The coworking industry has gone from a niche shared office filled with entrepreneurs to an in-demand workplace that is home to millions of workers from all corners of the workforce. Even as major household names like WeWork struggled to stay afloat, other operators made up for the company’s challenges.
Then COVID-19 struck, and the constant hum of collaboration between coworking members fell quiet. So how can an industry that has based its core business on sharing office amenities fit in a post-pandemic society?
While some have argued that coworking is one of the most high-risk segments of the office market, others see a world of opportunity for these flexible spaces. For instance, Joe Brady, CEO Americas for The Instant Group, says that businesses may look into cutting down on their own real estate footprint and adopt a hub-and-spoke model, where coworking spaces could serve as spokes.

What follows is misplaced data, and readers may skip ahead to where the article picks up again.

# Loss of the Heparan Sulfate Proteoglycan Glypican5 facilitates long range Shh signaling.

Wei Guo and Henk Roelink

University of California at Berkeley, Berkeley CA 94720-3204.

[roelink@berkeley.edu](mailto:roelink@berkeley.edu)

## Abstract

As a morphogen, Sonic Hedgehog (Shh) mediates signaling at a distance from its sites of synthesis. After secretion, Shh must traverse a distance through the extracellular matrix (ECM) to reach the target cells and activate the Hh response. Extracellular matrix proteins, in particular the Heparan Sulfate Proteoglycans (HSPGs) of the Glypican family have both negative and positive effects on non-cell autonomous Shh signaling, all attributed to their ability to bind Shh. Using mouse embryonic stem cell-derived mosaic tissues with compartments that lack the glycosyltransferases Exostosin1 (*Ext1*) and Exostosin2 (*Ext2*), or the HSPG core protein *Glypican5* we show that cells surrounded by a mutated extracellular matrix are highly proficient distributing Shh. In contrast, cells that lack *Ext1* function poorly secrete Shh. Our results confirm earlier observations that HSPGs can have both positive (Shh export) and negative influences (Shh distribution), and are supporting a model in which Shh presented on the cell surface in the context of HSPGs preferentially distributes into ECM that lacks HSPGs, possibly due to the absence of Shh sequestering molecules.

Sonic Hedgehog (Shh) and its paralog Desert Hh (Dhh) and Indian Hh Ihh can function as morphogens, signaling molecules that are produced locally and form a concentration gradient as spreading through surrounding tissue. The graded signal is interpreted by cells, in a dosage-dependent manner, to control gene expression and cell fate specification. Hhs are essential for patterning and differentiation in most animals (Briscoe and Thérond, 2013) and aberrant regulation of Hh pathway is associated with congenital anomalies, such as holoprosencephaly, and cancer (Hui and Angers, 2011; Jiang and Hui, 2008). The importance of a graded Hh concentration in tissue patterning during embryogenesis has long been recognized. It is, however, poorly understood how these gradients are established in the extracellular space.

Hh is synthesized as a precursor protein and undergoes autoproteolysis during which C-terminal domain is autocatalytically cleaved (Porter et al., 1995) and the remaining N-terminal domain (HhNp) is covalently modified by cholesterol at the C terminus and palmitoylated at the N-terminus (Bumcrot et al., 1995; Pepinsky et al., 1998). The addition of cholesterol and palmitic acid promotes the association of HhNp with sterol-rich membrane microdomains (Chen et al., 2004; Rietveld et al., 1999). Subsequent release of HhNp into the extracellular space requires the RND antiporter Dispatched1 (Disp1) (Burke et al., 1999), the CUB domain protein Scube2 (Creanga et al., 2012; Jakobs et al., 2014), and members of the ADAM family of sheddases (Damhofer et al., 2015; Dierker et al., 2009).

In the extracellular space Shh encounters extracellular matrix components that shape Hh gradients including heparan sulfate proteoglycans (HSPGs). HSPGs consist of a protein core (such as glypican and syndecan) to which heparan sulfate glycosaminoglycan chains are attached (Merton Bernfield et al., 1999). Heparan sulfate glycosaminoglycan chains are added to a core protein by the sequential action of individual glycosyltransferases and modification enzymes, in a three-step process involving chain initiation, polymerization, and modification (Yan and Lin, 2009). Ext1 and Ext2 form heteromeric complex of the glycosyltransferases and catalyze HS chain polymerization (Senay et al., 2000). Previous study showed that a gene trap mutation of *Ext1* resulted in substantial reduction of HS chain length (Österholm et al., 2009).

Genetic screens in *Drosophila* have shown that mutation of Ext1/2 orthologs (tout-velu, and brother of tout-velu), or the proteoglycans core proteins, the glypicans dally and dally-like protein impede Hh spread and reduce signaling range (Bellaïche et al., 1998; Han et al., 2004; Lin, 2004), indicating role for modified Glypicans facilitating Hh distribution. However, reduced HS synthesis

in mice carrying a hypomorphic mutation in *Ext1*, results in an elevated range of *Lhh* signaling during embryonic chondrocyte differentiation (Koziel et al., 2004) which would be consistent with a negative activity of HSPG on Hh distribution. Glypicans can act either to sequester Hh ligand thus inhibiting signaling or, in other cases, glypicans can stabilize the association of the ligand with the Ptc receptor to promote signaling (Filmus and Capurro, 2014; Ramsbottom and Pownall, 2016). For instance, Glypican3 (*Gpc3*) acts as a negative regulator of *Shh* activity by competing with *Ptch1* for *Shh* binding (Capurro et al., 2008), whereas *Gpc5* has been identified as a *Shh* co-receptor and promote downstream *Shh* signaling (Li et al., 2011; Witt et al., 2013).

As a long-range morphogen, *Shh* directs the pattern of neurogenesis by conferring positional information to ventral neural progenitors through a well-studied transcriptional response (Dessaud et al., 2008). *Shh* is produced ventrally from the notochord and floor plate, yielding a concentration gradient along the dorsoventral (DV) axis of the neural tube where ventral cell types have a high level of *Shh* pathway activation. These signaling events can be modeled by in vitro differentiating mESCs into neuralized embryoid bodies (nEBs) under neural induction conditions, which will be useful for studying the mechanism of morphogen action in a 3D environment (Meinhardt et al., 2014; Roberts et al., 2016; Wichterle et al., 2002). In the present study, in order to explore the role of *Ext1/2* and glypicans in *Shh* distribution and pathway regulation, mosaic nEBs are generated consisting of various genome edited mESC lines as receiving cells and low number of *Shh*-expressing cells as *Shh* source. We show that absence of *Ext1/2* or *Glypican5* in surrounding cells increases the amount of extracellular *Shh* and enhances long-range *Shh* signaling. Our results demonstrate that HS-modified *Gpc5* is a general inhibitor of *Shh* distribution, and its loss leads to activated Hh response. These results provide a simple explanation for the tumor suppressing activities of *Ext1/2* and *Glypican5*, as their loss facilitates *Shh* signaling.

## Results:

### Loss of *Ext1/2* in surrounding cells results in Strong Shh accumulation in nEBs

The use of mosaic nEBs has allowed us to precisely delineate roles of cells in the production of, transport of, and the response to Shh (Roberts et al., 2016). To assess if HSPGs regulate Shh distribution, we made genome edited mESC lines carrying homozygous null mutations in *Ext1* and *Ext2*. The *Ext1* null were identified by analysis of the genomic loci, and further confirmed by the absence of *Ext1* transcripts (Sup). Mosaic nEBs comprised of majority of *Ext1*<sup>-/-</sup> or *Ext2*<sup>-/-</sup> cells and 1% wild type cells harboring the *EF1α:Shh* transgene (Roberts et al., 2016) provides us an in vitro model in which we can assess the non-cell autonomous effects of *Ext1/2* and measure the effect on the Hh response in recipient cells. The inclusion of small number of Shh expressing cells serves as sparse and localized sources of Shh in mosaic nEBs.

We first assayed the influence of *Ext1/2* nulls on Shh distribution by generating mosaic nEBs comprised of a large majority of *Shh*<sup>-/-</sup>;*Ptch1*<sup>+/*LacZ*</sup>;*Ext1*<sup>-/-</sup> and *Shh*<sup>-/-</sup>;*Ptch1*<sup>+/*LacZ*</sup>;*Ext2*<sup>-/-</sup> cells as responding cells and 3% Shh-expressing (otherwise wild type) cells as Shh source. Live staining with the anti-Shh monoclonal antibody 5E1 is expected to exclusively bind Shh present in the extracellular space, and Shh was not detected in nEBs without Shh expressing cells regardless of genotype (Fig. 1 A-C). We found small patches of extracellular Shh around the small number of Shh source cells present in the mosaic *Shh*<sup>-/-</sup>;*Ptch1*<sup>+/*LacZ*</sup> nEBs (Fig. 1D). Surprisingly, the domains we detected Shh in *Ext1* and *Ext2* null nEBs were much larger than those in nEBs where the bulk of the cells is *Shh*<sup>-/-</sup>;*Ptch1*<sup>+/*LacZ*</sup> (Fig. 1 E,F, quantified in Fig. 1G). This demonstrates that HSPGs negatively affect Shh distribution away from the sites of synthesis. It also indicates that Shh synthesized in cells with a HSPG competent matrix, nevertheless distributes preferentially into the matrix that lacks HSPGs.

“With this idea of the hub and spoke, if you’re reducing expensive real estate in the prime core business districts, the urban cores, and you’re moving out to first string suburban, you’re going to see some, some cost savings,” said Brady.
Doing so allows coworking operators to bring in a wider range of members, while also servicing suburban areas rather than solely big cities.